Renewal of consent
This is covered under Canons 1136 and 1137. Canon 1136 states: “A marriage which is invalid through lack of consent is validated if the party who did not consent now gives his consent provided the consent of the other party continues. If the lack of consent was merely internal it suffices that the party who did not consent now gives consent by an internal act. If the lack of consent was manifested also outwardly, it is necessary to renew the consent outwardly, either in the form prescribed by law, when the absence of consent was public, or in some private and secret but external manner if the lack of consent was occult.” Woywod-Smith comment:” In the chapter dealing with matrimonial consent, (Canons 1081-93), the Code treats of the various forms of defective consent: consent vitiated by ignorance, by error, by fear and force and by a condition attached.” This is where Can. 104 enters in, regarding error but also indirectly a condition.
One who marries believing the minister consulted is a witness acting in the official capacity of the Church when this is not the case has made an error that nullifies the act performed; that of giving consent according to the laws of the Church. Were it not for the fact that these attempted marriages involved a participation in a non-Catholic ceremony, they might be said to be valid; but almost always an actual ceremony is involved. The condition sine qua non for the validity of a Catholic marriage is a true priest possessing the proper delegation by the Church to officiate at the marriage. Technically these marriages are invalid for lack of form: they are only attempted marriages. But one is not aware of this unless it is first realized that the Novus Ordo and Traditionalist sects are not able to validly witness marriages followed by a religious ceremony. And this is not to mention that in the external forum one incurs an excommunication and suspicion of heresy. As Woywod-Smith note under Can. 1098 °1120: “The Church does not dispense in cases of necessity from invalidating laws,” and resorting to a religious ceremony in a non-Catholic Church invalidates the attempted marriage.
Canon 1137 reads: “To validate a marriage which was nullified by a defect in the form it must be contracted again in the legitimate form.” Woywod-Smith comment: “If the parties were married outside the Church, if the priest who witnessed the marriage was not properly qualified, or if two qualified witnesses were not present, the marriage is null and void, and such a marriage can be validated in no other way then by the observance of the prescribed form of marriage. The rule here stated is now general application for all marriages in which at least one of the parties is subject to the law of the Code on the form of marriage. If one of the parties cannot be persuaded to validate the marriage before the authorized priest and witnesses, as happens quite frequently in mixed marriages contracted outside the Church, nothing remains but to get the sanatio in radice to validate the marriage.” And this is available first from the bishop, then the pope, which sadly are not available to us. This covers marriages before Novus Ordo and Traditionalist ministers who were not qualified witnesses and whose ceremonies are not Catholic.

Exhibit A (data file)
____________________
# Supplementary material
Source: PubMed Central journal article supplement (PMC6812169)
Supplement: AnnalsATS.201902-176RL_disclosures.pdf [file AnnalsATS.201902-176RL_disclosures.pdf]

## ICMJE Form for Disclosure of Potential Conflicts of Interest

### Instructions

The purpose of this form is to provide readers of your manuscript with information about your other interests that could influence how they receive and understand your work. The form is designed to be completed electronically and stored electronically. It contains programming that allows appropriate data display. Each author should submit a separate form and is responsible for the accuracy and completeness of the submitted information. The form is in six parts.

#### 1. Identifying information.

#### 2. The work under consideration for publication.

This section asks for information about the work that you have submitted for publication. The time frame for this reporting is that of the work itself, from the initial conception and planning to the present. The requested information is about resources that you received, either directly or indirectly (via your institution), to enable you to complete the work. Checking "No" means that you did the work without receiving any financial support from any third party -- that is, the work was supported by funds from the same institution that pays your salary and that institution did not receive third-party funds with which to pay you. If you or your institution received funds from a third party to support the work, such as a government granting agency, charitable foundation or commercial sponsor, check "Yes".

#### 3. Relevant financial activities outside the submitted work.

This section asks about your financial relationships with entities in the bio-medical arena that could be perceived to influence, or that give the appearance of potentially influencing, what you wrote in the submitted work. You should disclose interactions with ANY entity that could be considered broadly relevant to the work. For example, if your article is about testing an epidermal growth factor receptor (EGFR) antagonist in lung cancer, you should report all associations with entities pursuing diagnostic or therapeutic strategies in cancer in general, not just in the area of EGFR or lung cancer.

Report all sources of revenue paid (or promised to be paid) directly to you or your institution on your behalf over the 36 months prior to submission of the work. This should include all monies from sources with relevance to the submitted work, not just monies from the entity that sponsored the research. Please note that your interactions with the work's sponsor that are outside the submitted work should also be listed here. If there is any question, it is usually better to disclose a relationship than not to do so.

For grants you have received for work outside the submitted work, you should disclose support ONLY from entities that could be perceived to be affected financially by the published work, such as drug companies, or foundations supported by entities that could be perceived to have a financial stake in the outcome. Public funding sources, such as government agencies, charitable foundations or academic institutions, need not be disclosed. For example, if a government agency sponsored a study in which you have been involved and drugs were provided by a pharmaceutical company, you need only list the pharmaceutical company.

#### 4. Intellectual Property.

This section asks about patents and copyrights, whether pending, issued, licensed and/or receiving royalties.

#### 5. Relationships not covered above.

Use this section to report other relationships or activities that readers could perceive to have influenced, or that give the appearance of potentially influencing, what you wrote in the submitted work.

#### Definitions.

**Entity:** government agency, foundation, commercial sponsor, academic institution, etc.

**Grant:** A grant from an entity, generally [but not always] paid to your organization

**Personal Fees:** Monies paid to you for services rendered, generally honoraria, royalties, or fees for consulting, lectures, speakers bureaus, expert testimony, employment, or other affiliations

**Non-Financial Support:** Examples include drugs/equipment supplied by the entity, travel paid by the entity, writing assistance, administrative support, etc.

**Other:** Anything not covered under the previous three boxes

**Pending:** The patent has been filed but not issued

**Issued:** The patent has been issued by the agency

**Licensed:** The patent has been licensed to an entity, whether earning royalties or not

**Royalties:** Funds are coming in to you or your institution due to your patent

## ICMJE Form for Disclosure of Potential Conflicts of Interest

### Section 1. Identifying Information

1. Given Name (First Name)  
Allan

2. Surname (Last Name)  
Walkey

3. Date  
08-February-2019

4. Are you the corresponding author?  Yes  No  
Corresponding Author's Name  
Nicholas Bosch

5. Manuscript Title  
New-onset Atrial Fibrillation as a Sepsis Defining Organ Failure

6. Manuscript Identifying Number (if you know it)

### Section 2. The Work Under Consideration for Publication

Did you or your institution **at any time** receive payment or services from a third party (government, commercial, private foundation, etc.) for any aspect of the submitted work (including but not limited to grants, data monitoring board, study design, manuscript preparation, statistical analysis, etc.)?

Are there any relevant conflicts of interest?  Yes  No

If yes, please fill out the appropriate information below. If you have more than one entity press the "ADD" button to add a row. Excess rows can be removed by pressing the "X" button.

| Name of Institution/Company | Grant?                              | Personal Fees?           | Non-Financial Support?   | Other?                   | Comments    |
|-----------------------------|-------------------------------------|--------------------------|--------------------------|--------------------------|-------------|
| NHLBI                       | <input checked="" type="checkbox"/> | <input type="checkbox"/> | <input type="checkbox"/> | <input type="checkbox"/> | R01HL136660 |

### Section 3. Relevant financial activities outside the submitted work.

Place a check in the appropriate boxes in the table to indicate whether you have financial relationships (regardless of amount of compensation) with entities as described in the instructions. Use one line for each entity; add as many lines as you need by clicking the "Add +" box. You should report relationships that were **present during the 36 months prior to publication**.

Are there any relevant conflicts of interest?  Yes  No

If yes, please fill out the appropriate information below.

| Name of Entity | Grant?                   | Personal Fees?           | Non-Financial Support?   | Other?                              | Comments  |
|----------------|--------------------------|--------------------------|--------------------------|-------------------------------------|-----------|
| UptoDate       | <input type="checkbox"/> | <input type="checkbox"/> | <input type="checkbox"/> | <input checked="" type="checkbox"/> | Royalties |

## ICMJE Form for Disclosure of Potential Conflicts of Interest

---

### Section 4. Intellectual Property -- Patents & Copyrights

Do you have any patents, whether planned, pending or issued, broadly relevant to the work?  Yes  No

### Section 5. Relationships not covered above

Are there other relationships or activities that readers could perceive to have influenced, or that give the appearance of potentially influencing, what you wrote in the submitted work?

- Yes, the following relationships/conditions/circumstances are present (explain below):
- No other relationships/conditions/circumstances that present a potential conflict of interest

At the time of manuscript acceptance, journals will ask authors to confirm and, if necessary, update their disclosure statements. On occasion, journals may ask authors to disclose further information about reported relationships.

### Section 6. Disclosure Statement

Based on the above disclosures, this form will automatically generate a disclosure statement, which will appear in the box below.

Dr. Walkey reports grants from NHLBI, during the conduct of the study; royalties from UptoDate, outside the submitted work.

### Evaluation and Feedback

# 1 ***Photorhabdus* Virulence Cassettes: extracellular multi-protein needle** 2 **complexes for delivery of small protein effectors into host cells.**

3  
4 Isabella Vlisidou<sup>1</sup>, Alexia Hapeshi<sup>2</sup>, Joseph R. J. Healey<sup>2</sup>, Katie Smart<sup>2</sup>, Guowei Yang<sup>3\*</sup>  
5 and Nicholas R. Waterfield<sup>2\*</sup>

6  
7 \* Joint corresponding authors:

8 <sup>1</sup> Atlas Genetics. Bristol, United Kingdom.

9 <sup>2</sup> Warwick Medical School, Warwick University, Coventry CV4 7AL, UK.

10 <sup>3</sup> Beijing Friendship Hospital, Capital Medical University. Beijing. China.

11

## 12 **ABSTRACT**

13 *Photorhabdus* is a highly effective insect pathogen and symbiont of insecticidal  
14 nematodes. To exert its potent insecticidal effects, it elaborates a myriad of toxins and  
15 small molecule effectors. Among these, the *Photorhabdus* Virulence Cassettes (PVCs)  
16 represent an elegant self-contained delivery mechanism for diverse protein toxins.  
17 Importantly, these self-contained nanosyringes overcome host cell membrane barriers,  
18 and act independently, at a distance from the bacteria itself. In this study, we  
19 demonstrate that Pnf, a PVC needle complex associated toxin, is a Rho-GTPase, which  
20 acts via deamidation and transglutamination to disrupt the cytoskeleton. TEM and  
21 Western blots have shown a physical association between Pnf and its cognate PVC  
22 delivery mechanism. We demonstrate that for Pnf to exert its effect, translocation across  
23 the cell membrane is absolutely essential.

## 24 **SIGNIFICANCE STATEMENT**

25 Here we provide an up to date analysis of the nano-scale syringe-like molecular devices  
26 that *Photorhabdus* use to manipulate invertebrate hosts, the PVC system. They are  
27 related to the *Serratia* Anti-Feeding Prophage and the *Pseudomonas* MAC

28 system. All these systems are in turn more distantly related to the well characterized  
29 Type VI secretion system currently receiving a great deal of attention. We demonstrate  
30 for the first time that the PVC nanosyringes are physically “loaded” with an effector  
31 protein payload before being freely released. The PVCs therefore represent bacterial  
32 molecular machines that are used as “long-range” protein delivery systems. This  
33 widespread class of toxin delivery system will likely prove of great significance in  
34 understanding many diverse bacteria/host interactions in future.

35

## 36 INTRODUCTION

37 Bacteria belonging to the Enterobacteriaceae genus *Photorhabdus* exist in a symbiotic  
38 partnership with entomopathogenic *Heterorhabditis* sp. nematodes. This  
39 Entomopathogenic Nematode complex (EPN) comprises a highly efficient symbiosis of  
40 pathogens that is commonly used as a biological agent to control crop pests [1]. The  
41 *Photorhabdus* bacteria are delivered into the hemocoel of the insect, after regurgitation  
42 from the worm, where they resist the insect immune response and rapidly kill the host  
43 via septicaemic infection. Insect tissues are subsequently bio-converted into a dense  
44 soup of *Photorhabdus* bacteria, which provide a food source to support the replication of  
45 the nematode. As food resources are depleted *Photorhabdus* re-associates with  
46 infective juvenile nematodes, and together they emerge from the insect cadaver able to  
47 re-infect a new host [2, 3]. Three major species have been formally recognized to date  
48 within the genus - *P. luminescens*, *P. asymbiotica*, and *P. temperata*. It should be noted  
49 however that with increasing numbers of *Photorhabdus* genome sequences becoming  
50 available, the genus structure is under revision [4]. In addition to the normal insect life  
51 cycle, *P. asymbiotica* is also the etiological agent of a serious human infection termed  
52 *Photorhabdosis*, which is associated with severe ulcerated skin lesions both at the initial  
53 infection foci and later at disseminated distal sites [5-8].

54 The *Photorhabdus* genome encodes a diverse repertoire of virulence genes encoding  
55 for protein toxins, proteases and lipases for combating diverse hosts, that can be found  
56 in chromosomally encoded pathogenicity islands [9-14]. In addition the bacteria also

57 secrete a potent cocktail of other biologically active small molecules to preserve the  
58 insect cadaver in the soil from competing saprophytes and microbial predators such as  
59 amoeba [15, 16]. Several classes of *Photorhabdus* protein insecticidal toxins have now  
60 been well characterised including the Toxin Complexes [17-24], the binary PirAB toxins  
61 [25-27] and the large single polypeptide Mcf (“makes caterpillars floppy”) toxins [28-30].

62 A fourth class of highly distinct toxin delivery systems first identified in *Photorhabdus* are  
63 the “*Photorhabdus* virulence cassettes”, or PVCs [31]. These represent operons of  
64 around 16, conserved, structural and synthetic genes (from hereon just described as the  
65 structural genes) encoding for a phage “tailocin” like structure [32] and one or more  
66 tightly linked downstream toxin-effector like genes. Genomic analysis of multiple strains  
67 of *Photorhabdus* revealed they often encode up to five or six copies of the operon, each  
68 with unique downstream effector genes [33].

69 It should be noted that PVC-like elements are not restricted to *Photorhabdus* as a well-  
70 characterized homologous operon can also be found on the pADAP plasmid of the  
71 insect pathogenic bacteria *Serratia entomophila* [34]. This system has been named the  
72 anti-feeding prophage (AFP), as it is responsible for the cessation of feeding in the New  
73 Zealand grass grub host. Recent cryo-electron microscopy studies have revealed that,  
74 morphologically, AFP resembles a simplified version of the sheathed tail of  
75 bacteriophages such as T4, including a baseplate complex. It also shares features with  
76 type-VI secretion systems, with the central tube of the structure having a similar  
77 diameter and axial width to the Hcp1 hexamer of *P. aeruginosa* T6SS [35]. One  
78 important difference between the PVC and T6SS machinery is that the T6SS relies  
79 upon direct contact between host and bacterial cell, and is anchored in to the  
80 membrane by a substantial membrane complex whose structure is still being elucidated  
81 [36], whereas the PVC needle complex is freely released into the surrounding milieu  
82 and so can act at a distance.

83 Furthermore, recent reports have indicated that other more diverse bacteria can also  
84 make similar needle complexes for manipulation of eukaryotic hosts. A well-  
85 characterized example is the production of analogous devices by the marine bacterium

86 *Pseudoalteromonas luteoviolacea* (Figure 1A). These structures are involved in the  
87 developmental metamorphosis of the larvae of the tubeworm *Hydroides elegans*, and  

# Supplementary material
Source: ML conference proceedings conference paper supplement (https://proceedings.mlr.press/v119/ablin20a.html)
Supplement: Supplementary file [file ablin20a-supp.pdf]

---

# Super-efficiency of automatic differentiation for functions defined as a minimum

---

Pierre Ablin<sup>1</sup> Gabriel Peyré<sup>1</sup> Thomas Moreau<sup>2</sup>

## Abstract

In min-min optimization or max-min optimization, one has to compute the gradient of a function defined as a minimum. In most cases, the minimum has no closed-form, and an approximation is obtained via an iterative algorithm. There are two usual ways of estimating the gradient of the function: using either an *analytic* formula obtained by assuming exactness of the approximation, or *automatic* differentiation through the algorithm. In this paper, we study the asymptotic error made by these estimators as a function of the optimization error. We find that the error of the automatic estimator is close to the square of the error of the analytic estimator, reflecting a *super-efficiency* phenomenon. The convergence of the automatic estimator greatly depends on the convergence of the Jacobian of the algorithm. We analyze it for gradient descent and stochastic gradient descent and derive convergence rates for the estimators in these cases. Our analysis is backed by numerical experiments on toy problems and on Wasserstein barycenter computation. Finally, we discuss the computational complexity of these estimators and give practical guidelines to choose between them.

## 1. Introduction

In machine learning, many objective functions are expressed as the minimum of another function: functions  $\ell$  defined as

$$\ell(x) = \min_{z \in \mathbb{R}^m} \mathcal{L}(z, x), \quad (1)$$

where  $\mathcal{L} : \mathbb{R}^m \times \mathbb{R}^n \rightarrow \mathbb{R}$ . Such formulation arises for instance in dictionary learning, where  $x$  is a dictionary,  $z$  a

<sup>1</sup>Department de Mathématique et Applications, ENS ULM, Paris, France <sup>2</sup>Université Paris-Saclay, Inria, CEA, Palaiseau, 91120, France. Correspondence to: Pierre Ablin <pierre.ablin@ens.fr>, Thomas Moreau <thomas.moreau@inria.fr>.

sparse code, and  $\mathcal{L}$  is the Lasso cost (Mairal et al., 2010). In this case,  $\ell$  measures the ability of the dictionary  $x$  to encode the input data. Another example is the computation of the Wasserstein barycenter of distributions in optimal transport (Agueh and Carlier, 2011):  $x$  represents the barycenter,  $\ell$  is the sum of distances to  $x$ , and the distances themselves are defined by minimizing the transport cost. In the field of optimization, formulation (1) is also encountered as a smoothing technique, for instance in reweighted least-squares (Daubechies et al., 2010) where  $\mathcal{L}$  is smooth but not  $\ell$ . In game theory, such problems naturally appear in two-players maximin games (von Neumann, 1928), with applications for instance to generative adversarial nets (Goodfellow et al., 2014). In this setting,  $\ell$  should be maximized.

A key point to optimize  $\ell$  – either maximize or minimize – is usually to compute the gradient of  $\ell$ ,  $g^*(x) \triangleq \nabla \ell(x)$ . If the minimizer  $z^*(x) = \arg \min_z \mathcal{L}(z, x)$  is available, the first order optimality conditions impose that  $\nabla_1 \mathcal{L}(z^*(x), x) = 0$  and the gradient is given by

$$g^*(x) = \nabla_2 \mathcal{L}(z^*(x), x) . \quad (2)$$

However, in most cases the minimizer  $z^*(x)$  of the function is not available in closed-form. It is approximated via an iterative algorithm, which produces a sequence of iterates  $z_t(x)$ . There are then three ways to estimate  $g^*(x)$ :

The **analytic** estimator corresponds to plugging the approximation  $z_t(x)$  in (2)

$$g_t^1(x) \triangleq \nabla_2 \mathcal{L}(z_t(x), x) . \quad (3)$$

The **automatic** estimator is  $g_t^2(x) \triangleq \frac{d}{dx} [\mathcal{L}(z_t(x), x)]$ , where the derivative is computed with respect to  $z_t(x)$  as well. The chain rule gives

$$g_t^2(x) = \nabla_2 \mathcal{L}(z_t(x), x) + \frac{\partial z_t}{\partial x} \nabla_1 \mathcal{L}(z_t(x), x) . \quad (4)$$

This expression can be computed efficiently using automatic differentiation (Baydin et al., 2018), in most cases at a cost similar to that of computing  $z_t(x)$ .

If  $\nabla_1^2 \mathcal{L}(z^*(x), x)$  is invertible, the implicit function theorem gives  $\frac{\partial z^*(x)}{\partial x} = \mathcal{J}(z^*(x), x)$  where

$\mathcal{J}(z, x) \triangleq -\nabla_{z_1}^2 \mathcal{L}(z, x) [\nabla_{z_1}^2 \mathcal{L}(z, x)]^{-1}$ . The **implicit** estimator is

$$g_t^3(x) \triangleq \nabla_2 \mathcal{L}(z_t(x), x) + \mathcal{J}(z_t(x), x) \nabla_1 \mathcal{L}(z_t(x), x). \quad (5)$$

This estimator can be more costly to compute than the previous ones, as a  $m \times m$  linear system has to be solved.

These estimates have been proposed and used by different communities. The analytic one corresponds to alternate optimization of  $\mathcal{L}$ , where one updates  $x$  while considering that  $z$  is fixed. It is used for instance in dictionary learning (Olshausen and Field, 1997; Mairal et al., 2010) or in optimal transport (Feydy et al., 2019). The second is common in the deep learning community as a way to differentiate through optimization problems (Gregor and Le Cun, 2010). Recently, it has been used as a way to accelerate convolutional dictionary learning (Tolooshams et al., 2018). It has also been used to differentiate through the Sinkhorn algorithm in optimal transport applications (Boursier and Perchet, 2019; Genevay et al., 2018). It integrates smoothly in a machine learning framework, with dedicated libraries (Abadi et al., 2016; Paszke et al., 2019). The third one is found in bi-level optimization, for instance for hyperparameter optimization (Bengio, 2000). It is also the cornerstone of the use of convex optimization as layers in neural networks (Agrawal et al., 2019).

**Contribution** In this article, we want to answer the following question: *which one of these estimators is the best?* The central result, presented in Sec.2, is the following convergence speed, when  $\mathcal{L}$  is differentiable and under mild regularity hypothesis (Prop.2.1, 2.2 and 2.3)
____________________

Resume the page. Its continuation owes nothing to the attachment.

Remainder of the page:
Some canonists have opined that Can.1098 and the China exemptions automatically legitimate all these marriages or prove them able to be legitimated. This may have been true when we still had a true pope and bishops, in a sort of supplied jurisdiction manner, but it is not true today. Can. 1098 is an exception to the law and is to be interpreted strictly. Canon 19 states: “Laws which… establish an exception to the law must be interpreted in a strict sense.” Woywod-Smith comment: “These classes of laws are considered odious. It may seem strange that a law which contains an exception from the general law is called odious whereas in fact it may be very acceptable. However, it is a recognized principle of legislation to favor the universal or common law and to discourage exceptions. Archbishop Cicognani writes in his Canon Law that: “Things deviating from the common law are in no respect to be drawn into precedent. That which is granted gratuitously to one person ought not to be drawn into precedent by others; for whatever is granted to a person contrary to the common law is odious even though the exception be established by law.”